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Misato Mochizuki Music for Ensemble

Si bleu, si calme for ensemble (1997)
All that is including me for bass flute, clarinet and violin (1996)
Chimera for ensemble (2000)
Intermezzi I for flute and piano (1998)
La chambre claire for ensemble (1998)

Klangforum Wien, Johannes Kalitzke

[2001/2002 54 mins]

I first became aware of this young Japanese composer's exceptional talent in Stuttgart, picking out an unassuming piece for solo oboe for special mention in my review of ÉCLAT (Festival Neue Musik Stuttgart 2000) : - - But for me, a special high spot was a marvellous piece for unaccompanied oboe by a young Japanese composer, Misato Mochizuki. Her au bleu bois - - deserves to be taken up by enterprising young oboists as a change from Britten's Ovid Metamorphoses.

Of her contribution to a Donaueschingen compilation in 2001, I wrote: - - Misato Mochizuki, now resident in Paris, has attracted the attention of Seen&Heard several times already, first for a brilliant solo oboe piece given at Eclat 2000 in Stuttgart. Au bleu bois integrates all the extended oboe techniques developed in recent years so that they feel entirely natural. Nor did her All that is including me for violin, clarinet & bass flute disappoint in Amsterdam - it confirmed my good impression of her imaginative assimilation of oriental roots into a contemporary language. - - Mochizuki's major score for large orchestra, Camera Lucida (20 mins), is inspired by consideration of light and the world of photography, with 'filtration, expansion & contraction - - cutting a movement or note into ribbons - - reflection on temporal development of musical parameters a central theme'. I found it strange and elusive first time - it gets under your skin on repetition - -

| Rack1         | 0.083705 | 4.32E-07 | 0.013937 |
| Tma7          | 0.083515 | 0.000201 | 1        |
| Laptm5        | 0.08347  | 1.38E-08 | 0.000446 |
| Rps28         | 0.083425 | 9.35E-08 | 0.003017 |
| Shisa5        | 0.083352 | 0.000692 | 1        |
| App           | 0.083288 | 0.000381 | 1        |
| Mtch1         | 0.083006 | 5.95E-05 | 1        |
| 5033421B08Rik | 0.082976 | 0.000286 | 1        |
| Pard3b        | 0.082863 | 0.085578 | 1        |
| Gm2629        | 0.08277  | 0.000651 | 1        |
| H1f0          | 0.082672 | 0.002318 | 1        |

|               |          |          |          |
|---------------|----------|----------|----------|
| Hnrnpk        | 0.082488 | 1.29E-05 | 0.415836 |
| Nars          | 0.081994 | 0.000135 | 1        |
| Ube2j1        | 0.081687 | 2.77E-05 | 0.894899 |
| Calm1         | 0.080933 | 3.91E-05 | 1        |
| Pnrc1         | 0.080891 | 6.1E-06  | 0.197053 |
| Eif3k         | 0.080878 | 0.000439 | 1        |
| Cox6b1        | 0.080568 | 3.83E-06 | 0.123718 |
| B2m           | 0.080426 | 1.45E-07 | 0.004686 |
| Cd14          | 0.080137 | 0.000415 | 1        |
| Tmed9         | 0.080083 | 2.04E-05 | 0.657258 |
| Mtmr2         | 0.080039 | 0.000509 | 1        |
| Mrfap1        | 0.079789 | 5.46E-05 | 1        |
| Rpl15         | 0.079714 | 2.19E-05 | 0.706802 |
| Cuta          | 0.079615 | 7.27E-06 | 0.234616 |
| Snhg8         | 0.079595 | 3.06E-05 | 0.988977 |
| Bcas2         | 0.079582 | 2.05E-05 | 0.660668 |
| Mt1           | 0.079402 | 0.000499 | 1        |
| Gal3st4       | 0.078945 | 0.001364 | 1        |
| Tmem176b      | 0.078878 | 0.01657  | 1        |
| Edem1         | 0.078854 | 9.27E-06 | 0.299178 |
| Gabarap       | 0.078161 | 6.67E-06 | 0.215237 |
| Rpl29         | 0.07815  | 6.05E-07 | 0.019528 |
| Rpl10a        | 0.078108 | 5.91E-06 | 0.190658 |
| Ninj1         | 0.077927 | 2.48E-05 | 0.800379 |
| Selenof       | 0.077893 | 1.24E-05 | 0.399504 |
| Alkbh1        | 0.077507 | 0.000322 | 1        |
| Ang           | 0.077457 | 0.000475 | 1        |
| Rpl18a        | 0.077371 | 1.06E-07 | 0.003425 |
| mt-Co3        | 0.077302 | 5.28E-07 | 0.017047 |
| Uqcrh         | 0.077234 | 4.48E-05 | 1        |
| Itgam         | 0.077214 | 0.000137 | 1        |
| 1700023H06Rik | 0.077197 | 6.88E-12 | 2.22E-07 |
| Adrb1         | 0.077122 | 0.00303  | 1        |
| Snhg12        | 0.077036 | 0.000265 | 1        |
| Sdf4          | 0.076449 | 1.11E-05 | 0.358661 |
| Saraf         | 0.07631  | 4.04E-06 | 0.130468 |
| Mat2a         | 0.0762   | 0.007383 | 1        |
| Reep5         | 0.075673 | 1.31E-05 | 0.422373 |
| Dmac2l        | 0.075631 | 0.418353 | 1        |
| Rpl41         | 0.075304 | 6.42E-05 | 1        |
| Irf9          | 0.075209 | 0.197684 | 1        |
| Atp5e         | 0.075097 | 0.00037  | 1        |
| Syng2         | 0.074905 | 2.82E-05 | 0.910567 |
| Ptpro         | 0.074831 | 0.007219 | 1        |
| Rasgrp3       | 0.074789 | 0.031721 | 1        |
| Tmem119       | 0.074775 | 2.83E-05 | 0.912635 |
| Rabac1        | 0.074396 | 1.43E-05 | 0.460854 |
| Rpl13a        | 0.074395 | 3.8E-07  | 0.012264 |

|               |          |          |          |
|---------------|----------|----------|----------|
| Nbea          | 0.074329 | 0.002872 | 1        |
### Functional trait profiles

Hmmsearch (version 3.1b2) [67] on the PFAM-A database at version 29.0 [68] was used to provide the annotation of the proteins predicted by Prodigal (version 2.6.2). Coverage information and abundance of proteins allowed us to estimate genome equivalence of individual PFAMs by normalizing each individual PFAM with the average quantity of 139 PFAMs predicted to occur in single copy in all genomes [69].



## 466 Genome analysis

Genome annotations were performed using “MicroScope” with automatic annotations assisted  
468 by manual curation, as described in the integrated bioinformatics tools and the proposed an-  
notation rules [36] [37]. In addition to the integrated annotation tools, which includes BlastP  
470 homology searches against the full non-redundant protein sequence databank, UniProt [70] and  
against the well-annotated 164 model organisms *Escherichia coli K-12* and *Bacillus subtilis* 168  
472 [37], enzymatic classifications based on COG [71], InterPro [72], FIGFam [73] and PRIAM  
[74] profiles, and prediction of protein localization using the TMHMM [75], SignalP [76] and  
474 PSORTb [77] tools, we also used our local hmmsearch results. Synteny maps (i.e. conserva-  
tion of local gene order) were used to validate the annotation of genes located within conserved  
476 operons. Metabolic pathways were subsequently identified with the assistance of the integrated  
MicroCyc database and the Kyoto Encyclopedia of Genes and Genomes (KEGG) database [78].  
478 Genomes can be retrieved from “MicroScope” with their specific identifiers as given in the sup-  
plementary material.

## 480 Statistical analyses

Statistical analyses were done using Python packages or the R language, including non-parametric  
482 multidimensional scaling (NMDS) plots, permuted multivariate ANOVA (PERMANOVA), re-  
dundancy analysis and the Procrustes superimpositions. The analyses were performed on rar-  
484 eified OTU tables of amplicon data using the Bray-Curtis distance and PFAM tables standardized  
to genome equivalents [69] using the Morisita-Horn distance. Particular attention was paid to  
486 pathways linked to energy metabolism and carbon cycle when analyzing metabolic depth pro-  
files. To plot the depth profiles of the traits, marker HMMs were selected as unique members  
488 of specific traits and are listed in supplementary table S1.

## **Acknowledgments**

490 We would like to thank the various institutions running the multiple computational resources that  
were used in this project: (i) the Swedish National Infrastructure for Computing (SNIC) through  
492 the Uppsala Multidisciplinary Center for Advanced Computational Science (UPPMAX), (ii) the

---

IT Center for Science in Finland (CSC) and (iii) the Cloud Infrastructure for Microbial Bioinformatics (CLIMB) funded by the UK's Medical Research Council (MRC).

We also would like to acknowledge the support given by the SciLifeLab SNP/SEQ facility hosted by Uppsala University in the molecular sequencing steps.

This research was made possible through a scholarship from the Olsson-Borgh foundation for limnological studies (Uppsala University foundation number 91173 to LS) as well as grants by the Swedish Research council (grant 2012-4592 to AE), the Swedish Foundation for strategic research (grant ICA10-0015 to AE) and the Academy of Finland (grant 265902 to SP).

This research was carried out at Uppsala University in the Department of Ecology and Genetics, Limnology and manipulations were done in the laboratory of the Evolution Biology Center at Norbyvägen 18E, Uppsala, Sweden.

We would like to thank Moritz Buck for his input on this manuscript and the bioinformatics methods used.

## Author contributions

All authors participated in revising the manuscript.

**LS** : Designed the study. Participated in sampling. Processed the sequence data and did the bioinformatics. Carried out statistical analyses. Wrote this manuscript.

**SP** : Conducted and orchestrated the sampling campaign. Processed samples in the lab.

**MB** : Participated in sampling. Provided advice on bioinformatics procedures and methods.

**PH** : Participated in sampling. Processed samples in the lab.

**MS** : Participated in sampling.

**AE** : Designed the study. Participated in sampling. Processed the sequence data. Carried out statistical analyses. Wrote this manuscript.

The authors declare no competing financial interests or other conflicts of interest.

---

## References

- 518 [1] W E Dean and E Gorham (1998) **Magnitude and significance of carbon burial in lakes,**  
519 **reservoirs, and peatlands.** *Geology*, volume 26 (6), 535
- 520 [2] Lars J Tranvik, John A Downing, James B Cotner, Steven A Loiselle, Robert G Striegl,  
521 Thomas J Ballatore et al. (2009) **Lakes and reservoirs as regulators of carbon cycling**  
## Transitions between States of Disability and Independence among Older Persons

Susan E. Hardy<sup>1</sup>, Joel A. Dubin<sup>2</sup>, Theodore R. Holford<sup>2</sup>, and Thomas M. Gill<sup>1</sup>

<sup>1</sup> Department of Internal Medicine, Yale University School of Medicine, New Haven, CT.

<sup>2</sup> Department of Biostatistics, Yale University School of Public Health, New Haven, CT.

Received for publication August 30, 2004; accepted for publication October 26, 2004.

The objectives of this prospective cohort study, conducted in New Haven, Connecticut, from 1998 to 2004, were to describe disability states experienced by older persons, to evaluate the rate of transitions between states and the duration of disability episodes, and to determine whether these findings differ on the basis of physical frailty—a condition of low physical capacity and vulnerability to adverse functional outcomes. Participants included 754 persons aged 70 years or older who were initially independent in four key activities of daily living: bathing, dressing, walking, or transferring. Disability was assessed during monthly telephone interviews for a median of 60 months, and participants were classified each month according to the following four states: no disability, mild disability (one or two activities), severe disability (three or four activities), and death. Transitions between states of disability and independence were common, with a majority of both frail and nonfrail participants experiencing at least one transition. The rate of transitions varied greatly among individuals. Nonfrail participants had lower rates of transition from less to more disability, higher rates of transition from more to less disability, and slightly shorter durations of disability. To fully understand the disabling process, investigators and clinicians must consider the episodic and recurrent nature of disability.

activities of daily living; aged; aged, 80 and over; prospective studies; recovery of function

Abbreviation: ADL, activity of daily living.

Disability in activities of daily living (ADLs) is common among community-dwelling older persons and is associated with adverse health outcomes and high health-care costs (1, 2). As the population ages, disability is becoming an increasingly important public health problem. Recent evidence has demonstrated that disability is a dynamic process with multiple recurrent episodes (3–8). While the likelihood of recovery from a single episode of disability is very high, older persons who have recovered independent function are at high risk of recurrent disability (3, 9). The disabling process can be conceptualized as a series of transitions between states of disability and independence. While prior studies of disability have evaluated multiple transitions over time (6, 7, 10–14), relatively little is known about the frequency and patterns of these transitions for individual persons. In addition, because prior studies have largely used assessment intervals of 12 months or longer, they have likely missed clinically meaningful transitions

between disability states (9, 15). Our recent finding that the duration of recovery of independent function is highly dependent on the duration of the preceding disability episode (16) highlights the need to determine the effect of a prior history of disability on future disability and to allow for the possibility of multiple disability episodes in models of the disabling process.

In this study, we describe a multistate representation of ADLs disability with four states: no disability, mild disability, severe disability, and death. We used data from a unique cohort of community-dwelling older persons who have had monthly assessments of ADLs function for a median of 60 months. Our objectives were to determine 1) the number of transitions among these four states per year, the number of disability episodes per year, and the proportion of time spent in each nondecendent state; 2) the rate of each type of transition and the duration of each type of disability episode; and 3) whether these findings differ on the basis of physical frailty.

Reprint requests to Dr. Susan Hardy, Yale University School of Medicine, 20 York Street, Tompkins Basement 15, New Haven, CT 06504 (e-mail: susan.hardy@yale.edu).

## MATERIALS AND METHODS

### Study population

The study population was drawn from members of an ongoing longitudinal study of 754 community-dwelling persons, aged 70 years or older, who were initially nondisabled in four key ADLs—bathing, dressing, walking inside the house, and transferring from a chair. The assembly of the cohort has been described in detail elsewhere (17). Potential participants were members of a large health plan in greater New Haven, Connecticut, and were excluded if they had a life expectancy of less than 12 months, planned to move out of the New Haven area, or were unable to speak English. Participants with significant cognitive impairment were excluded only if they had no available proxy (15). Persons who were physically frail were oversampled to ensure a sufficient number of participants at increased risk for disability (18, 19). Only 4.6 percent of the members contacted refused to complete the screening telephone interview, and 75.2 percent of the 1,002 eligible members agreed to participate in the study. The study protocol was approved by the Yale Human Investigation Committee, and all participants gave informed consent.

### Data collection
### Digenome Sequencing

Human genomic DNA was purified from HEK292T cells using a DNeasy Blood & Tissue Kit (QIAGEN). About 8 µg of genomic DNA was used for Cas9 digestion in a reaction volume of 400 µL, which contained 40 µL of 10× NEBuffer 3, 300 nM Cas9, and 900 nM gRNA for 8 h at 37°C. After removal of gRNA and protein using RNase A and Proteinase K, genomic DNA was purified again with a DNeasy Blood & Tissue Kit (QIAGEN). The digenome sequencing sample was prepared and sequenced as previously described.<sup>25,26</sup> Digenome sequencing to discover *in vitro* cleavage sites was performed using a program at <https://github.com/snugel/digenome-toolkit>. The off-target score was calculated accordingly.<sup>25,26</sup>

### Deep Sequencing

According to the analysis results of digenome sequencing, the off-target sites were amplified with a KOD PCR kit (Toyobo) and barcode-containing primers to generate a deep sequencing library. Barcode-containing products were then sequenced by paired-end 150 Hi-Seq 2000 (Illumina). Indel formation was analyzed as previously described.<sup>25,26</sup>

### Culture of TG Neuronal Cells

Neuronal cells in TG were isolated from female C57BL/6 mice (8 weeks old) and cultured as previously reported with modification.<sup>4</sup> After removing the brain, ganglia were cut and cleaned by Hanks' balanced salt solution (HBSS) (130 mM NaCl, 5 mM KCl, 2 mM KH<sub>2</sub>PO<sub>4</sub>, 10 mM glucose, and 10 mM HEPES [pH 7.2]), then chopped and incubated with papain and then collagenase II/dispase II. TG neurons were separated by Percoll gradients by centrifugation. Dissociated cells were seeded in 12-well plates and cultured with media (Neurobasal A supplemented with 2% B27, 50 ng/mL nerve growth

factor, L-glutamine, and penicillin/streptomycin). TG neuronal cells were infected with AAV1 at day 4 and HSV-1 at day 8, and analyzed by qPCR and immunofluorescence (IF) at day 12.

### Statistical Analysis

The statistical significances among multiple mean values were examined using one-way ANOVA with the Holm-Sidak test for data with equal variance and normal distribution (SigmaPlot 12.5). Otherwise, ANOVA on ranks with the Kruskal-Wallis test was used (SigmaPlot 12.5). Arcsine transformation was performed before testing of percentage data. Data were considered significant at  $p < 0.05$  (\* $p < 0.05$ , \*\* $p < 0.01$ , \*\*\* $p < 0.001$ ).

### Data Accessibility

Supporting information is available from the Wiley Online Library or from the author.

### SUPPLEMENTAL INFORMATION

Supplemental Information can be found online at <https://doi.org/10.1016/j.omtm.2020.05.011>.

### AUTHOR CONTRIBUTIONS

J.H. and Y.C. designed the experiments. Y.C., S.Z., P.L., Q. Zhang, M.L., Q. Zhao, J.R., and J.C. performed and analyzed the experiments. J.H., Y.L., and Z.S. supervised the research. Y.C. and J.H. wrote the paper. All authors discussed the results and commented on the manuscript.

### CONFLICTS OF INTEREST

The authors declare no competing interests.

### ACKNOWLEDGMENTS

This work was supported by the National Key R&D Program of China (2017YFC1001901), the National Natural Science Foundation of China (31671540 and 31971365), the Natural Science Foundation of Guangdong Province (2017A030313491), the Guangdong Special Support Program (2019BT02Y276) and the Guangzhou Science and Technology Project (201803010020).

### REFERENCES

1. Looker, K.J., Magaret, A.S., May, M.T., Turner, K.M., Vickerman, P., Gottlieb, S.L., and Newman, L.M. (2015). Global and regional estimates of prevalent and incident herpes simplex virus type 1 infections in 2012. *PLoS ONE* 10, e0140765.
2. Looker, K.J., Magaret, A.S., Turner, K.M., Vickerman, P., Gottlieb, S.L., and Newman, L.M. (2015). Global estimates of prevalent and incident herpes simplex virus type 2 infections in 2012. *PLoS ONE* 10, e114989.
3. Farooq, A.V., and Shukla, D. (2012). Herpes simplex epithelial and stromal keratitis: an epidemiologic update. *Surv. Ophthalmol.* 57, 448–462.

Now we have the first CD devoted entirely to Misato Mochizuki's music, and it is a triumph.

Now 35, she had appeared as a piano concerto soloist with Rostropovich at 14. Now an established composer, she brings together aspects of the 'sounds, timbres, gestures and sensibility of Japanese traditional music with those of Western modernism' (Christopher Ballantyne) and has a strange and wonderful sound world of great subtlety and ready accessibility. Misato Mochizuki's booklet notes give helpful references and clues to the music's genesis.

Whilst most of the scores are predominately quiet and gentle, the ear is captivated continually. Intermezzi I is a sequence of exquisite fragments for the flute of today, whispered voice and the piano, its interior as well as keyboard. Her reference sources are wide, and Chimera draws on techno dance music. All that is including me draws on gagaku methods.

It is all music to hear, not to write about. Only 54 minutes but they are continuously inventive and engrossing; you will want to listen again and again.


© Peter Grahame Woolf